If the banks pull in lines of credit… the same situation with Sun Country is going to ripple through the economy. WHen joesixpack gets asked to take 50 cents on the dollar in his paycheck… things are not going to be pretty. Yet, I sort of think thats inevitable, either by a cash flow issue in the short term, or via selective inflation/deflation over time. And yet the bill’s hope, is that by dumping a ton of cash now, credit will open up, rather than being used to bail out the shareholders… and unless something is explicitly written into the revised bill, I sort of think the shareholders are the ones who will walk away happy, and Joe still gets hosed.
I have serious doubts as to whether this bill will accomplish anyting for mainstreet, other than create a false sense of security for a few weeks, or maybe if we are lucky months, all the while killing off the much needed cash to fix things the right way down the road.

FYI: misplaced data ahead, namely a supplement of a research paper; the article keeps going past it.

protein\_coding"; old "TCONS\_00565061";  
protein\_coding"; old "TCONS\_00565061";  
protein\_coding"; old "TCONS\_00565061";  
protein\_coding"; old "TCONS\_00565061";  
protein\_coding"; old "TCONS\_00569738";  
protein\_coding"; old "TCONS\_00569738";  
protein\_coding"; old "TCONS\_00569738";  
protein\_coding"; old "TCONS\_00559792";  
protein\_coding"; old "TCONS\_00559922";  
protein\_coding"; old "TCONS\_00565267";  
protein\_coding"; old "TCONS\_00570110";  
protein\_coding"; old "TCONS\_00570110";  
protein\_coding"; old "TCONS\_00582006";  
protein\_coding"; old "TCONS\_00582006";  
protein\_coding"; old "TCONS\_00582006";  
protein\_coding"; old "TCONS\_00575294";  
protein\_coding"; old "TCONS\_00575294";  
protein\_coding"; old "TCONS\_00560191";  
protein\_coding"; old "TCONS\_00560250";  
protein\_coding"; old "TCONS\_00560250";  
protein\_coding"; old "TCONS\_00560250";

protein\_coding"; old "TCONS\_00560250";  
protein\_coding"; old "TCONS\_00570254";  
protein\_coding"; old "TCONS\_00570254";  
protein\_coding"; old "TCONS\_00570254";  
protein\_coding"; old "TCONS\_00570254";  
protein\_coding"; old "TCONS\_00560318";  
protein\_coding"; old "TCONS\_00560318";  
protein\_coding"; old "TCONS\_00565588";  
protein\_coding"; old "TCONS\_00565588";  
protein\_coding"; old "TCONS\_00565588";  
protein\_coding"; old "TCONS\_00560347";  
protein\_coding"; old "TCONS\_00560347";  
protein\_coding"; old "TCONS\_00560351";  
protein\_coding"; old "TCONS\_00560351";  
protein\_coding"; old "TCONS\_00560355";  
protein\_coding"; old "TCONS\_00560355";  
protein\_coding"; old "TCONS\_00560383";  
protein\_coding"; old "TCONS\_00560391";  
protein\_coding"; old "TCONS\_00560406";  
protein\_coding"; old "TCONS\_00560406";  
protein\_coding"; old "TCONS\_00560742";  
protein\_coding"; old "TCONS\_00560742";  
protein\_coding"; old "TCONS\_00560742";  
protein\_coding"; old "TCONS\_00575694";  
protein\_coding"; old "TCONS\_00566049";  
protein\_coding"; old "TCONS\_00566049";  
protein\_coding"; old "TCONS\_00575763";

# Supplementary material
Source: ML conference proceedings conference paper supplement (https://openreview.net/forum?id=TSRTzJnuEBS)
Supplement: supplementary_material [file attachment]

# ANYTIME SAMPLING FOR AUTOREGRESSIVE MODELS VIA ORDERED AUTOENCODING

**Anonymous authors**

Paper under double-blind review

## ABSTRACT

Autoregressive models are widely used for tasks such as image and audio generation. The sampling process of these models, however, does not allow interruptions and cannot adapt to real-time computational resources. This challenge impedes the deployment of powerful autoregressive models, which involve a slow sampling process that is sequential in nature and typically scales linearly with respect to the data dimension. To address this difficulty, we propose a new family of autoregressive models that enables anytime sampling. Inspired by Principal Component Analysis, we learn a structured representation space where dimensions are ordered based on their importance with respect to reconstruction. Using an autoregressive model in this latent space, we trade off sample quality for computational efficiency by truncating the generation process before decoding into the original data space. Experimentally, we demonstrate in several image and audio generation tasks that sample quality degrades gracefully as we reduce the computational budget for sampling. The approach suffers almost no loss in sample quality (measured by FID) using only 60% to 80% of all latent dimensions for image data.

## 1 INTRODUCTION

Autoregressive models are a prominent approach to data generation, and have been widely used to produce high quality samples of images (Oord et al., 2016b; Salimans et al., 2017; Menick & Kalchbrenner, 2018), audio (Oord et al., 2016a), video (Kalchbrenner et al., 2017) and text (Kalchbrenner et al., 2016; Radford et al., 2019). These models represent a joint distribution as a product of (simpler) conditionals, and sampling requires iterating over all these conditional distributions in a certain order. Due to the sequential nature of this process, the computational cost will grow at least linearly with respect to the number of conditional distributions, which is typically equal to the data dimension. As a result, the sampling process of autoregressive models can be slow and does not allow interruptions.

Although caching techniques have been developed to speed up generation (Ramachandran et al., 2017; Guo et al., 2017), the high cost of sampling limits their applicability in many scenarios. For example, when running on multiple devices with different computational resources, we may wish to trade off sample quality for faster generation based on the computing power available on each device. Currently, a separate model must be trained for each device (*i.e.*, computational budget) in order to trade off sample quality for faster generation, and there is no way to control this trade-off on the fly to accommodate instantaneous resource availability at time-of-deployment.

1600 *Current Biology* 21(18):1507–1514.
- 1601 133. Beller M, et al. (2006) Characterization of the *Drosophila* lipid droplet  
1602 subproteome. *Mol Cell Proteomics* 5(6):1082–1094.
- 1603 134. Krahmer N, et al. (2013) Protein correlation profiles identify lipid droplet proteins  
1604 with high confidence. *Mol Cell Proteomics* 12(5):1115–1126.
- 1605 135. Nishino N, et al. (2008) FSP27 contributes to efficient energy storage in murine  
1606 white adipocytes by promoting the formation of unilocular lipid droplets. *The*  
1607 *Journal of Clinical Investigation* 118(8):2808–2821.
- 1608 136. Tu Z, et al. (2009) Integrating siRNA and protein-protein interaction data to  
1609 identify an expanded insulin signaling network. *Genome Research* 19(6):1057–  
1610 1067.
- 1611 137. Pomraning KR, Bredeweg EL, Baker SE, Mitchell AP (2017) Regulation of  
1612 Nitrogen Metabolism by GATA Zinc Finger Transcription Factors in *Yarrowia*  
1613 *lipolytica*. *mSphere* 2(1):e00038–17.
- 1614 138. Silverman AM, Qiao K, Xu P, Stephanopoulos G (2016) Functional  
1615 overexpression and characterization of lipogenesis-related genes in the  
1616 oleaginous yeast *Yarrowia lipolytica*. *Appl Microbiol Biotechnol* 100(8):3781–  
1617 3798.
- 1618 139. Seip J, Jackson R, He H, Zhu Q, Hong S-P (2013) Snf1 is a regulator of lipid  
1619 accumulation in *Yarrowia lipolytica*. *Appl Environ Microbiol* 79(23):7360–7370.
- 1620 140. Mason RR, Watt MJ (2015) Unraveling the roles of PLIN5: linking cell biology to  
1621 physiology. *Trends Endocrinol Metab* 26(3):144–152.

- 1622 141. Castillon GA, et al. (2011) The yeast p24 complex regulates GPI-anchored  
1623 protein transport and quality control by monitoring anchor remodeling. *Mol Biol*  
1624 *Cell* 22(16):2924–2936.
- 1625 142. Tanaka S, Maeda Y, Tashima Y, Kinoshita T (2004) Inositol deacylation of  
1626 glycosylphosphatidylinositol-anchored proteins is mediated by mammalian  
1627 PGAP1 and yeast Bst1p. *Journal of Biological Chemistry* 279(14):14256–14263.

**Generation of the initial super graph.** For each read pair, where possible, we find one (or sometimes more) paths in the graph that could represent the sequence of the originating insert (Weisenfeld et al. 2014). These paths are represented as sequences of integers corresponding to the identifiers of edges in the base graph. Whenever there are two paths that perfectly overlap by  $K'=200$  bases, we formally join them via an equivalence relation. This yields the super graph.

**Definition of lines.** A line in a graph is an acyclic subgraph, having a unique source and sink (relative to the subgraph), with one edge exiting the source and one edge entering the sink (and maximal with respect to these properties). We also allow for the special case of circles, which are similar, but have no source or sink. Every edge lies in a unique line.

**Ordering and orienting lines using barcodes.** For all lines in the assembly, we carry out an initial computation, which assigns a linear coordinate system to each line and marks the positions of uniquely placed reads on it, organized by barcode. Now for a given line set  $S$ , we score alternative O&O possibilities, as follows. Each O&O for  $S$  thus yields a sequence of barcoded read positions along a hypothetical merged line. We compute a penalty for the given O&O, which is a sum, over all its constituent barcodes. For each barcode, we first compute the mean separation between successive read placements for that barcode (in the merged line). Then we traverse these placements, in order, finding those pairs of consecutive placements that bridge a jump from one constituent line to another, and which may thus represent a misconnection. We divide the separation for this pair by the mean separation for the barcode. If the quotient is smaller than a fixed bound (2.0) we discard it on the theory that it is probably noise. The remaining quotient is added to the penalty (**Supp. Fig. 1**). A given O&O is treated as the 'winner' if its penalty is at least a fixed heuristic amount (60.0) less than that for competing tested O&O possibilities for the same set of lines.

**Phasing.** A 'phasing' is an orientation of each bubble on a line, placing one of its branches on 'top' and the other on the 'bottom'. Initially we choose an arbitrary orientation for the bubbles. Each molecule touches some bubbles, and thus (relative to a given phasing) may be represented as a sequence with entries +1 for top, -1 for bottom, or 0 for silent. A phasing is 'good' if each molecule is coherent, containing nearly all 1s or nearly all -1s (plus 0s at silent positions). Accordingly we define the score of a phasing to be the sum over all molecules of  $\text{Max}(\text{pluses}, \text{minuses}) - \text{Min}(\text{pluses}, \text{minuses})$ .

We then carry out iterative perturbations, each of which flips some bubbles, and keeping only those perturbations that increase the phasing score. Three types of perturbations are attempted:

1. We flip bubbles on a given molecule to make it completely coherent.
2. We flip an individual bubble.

Ultimately though, folks are concerned with the short term… and the long term aspects of the need for real estate valuations to drop by 30%-60%, credit to become much less available, and the killing off of excessive leverage are far off. This weeks paycheck, and the loss of retirement savings ends up being the #1, rather than the much needed changes in order to cause the least amount of collateral damage to those who can least afford it. Imho, a few weeks or months of momentary hardship can prevent years of long lasting and hard to undo damge, and might even get us back on the fasttrack to growth and economic expansion.
So, going forward…. suspending mark to market is idiocy. We need greater transparency in accounting, not less, we need fewer games, not more. Granted there is a death spiral aspect to FASB 127, in that when markets tank, valuation goes away, where as 30 years down the road, the value may be much greater. The key is where things are today, what is something worth, not a gamble on what it might be. Wishful thinking on future valuations all around got us into this mess… we dont need to foster further errant behavior along that line, or it will bite us back later. In addition, suspending FASB, pretty much guarantees during a bailout the taxpayer will pay way way too much, albeit to do so does drag things out, as the house of cards is held up a bit longer.